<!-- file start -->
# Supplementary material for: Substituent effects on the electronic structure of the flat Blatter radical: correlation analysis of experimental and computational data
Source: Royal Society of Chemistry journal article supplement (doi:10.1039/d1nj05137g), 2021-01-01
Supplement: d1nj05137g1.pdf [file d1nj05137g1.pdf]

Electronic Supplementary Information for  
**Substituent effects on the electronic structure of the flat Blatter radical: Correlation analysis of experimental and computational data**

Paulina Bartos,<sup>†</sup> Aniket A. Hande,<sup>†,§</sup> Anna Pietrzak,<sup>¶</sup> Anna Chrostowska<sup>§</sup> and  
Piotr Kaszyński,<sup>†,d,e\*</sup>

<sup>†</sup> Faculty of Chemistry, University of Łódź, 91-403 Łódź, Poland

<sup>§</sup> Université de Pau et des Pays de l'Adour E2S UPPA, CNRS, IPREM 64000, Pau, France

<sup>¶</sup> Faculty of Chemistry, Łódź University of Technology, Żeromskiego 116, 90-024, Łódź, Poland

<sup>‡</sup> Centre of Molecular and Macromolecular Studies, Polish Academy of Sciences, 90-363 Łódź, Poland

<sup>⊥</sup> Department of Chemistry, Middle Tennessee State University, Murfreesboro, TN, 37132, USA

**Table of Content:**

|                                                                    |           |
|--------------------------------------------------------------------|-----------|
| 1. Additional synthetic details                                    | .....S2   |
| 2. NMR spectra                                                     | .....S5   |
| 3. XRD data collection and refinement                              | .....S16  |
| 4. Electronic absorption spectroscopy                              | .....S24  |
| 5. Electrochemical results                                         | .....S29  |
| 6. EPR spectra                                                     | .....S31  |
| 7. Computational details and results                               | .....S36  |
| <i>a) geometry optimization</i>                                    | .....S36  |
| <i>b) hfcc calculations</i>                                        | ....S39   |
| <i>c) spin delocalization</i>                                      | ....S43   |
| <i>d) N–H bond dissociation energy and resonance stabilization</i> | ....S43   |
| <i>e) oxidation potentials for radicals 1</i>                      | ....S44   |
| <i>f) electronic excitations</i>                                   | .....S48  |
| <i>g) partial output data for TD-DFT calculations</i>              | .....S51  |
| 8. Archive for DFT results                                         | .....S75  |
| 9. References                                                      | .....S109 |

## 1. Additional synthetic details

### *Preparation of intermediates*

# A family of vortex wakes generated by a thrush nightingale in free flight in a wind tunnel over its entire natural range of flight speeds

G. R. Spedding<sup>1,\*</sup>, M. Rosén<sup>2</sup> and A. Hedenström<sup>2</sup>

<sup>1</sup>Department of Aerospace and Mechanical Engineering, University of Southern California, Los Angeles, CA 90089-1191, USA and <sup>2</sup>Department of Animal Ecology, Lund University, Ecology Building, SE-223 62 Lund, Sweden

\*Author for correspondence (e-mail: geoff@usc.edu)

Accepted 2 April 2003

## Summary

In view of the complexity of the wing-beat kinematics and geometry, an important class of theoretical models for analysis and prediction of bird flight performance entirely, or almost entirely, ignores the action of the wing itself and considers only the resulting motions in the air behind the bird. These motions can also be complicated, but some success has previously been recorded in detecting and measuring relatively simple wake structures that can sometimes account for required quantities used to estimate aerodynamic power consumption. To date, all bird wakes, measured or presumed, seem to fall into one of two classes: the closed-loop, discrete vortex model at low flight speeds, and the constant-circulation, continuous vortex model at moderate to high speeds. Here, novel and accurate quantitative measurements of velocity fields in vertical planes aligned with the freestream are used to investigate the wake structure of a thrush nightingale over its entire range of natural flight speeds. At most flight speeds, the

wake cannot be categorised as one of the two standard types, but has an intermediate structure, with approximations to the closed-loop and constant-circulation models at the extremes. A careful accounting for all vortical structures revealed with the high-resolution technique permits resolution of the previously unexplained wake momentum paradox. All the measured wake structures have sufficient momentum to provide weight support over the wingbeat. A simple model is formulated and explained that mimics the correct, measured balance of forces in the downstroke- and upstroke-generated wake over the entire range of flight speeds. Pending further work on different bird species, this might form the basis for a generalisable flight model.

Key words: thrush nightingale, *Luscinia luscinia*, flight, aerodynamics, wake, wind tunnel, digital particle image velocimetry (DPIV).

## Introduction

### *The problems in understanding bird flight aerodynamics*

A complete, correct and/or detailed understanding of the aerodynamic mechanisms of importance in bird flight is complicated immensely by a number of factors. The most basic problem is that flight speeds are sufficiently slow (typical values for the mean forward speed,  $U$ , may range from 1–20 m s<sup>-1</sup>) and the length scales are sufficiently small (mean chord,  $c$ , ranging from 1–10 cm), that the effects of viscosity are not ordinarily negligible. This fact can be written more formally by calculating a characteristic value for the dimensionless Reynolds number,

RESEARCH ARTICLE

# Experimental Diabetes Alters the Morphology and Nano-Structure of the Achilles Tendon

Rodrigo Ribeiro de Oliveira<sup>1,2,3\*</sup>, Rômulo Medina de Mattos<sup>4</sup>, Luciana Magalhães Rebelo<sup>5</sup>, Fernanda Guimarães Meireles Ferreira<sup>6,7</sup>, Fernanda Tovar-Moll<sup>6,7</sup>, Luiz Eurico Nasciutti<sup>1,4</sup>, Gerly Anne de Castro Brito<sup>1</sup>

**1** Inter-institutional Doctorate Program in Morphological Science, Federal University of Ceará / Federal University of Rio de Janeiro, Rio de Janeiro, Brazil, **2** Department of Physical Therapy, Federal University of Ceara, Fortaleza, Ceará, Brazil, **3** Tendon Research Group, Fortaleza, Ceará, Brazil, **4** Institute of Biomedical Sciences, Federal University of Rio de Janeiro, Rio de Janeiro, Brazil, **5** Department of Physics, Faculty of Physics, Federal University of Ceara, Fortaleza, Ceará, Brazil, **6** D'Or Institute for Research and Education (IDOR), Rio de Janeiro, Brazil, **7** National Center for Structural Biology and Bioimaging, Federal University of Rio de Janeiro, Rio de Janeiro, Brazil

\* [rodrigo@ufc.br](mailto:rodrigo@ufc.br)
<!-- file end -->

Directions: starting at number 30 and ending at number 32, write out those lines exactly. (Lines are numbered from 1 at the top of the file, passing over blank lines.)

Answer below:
| 8. Archive for DFT results                                         | .....S75  |
| 9. References                                                      | .....S109 |

## 1. Additional synthetic details